Thursday, July 11, 2013

Accurate "Red Cave" lyrics by Yeasayer

One of the most amazing songs I've been listening to recently is "Red Cave" by Yeasayer.

But I've found every single lyric site on the internet has inaccurate words, and the official Yeasayer web-site is devoid of lyrics.

Between the album version and live versions on YouTube, I derived the following:

(part 1)

I went out past the willow and the well
Caught my breath upon the hill
At the edge of her domain

And I went down
And further
And when I got up,
I'm at the red cave

And with that sound
As if I had been put under a spell
She led me to her whirlpool
Warm despite a winter's day

(part 2)

Mary's house in the hollow of the
White hazel rapid whirlpool
And the church of her red cave

(part 3)

I'm so blessed to
Have spent that time
With my family and the friends
I love with my short life I have met
So many people I deeply care for

Sunday, May 13, 2012

Falling Behind, Climbing Up

I've been fascinated with Steve Jobs for years; his speaking techniques, his ability to save a company from the brink of bankruptcy, his push for quality design in consumer products, etc....  From reading his biography and watching YouTube videos of him I've become both inspired and frustrated.

The inspiration stems from what he was able to accomplish over the course of his life.  The frustration stems from the comparison of what I have done in my professional life.

In 3rd grade, Gilman, taught us to program, and it was at this time I decided I wanted to make unique, fun games for a living.  This was validated in middle school where we had a rule:  no one could play video games except for ones created by students.  For a few weeks, there was little, if any, game playing.  The most proficient kids were building ascii mad lib games.  Unsatisfied, I knew enough from coding at home to put together a real-time, graphics-based, action game.   I remember looking at the class one day and every single student had my game up on their computer.  Because of that, the teachers almost changed the rule to "No games at all!"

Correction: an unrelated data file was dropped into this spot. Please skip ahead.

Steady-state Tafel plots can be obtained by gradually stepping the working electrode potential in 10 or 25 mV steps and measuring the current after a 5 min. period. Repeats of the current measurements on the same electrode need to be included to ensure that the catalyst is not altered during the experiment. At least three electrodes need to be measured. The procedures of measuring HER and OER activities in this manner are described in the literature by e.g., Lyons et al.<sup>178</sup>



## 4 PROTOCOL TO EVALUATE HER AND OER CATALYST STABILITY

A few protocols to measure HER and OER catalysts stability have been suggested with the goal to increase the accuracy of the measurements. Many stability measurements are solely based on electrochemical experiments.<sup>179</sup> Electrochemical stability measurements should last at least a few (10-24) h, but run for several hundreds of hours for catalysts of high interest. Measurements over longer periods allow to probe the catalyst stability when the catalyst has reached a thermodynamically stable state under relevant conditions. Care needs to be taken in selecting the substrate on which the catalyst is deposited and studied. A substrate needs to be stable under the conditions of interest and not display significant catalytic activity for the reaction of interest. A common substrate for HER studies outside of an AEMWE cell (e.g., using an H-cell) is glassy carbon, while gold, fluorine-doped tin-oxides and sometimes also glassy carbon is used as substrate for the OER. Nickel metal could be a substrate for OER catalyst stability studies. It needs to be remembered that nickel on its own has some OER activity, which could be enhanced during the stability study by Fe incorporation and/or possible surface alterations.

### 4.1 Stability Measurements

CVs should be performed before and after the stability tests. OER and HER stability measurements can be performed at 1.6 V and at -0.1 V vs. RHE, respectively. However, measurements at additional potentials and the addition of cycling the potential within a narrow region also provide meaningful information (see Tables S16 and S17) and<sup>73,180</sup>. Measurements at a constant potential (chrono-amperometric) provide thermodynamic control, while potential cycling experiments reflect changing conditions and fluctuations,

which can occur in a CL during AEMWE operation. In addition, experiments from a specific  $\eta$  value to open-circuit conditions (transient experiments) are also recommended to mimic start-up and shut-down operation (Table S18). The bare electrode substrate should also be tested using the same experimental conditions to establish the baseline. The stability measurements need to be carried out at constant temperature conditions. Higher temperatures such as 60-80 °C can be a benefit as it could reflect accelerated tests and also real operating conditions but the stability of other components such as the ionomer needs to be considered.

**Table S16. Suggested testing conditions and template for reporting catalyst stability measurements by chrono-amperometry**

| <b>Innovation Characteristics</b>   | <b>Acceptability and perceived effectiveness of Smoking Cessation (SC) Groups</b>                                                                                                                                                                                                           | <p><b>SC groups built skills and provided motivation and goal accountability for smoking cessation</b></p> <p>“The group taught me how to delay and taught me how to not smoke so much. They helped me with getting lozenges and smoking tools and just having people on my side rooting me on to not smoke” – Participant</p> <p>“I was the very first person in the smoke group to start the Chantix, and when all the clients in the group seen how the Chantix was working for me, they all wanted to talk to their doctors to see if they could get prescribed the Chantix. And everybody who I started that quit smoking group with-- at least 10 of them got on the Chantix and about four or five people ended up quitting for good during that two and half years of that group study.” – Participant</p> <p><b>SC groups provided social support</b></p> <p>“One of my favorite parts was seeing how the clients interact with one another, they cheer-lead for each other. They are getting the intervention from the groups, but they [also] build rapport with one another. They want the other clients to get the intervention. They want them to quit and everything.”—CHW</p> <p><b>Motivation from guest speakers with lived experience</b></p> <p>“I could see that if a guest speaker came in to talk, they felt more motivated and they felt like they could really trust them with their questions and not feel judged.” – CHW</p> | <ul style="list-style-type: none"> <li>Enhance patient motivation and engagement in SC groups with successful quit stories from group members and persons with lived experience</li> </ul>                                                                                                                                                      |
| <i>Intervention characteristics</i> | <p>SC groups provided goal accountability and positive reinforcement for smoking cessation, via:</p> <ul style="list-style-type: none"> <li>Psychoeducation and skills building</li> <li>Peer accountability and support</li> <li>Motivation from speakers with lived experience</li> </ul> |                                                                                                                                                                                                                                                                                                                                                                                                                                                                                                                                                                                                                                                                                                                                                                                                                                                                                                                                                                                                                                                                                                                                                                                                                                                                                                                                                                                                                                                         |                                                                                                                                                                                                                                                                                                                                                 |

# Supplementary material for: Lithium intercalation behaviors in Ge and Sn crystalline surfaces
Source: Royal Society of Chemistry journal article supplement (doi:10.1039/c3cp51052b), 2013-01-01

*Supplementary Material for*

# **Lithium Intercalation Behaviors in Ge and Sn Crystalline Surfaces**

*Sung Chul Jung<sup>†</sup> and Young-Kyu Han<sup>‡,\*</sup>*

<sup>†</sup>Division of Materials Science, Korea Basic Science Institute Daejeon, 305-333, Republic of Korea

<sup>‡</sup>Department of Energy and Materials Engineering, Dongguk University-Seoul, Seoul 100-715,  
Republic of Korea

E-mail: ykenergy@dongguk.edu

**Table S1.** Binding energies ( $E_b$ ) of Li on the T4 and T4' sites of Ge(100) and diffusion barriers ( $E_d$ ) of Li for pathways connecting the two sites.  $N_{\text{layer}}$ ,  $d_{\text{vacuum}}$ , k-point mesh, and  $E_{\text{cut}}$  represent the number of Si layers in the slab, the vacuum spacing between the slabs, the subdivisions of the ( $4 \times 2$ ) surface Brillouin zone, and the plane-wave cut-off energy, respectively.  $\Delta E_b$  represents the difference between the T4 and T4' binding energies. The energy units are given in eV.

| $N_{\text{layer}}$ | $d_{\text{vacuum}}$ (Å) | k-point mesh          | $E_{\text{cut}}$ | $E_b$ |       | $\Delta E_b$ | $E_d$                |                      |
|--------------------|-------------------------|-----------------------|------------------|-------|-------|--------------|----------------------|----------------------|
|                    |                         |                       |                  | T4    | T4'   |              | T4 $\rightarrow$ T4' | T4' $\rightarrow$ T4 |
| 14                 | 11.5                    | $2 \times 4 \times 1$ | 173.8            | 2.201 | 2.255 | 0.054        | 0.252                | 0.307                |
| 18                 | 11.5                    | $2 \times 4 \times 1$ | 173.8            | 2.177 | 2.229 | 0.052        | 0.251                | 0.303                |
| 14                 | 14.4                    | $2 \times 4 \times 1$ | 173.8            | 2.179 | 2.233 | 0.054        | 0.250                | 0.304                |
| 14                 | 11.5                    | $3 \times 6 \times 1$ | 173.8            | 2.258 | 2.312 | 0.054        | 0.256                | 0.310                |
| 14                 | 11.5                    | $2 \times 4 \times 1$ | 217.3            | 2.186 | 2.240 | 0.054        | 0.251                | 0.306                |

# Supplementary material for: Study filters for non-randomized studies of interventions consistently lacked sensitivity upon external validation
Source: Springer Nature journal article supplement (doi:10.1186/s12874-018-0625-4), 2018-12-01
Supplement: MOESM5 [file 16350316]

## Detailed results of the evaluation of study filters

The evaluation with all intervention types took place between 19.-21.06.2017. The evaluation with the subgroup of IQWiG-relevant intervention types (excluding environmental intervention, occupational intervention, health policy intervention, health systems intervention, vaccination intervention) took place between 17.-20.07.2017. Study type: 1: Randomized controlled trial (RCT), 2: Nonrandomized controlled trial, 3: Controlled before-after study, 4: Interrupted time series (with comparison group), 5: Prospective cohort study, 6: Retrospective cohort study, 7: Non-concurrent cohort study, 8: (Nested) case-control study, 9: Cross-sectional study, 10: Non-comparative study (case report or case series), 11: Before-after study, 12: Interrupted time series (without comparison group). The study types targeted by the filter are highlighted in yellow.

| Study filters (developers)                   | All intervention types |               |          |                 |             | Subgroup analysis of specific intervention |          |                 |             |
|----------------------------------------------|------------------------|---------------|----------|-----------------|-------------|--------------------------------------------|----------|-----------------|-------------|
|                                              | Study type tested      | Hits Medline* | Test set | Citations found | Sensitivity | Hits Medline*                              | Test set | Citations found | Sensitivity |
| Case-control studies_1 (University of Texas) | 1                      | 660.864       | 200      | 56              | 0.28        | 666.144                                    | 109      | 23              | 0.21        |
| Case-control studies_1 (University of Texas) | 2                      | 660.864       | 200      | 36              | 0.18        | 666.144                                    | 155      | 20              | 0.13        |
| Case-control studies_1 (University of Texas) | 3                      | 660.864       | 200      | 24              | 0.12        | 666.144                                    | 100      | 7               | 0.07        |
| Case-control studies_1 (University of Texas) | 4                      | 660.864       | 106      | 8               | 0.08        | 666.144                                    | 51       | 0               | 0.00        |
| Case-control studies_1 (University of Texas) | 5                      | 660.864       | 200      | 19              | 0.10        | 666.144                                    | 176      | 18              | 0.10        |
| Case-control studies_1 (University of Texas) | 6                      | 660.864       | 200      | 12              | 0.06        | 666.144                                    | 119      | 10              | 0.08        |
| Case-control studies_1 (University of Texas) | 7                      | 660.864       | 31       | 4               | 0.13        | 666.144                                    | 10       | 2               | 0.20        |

In high school I learned the joy of compiled Applesoft BASIC (thanks to Kevin "Frostbyte" McCormick introducing me to Beagle Bros. software) which gave me a x10 speed increase.  Study halls were spent doing level design instead of studying.  The payoff: after school, again seeing every single computer in the lab with my game up on it.

Then college happened, I learned Turbo Pascal & C++, but games were never finished.  Half the time Bill and I would be making demos, or be too excited about the compiler and test-driver we were writing at our day jobs to have time or energy to finish games at home.

That was over 10 years ago.

Today I'm making AAA games for a living.  I'm teach games at a University on the weekends.  I've rebooted the Baltimore IGDA chapter.  I'm participating in Game Jams.  I've started a monthly Game Developer Podcast. I'm not satisfied...

Despite all my activities and accomplishments, I feel I could be doing something bigger.  I don't know what that entails, but I do have a "dream project" in mind for the past decade that I've been hesitant to start.  Its' the one project I won't pitch at my day job (without right of first refusal) because too much of myself is poured into it.  Perhaps it's time to climb the mountain.

... also I want kids.

Monday, July 18, 2011

Game Industry: How to break in

Speaking to Game Developers at a Baltimore IGDA in Firaxis's old office

For about 5 years now I've been giving talks to students from middle school to post-college about game design and programming. These talks have been at schools, industry events, and sometimes small gatherings at coffee shops. I'm reminded of the mysterious nature of how to break into the game industry every time I participate in these conversations. I hope by posting a few thoughts here, it will help budding game developers on their journey.

Where to find game developers:
The International Game Developer's Association (IGDA) is a global organization that helps connect local game developers to each other as well as to the broader community. If you cannot find a local chapter; the national IGDA can direct you to the closest one. Alternatively, if devoid of a local chapter, you can work with national to establish one in your own area.
Industry related conferences are another great place to find developers. The Game Developer's Conference (GDC) is the single best place to meet people in the industry as well as learn the latest techniques and tools for making games. Besides the main GDC in San Francisco, there are now also satellite conferences in China, Texas, and Europe.

When attending a social function, do NOT...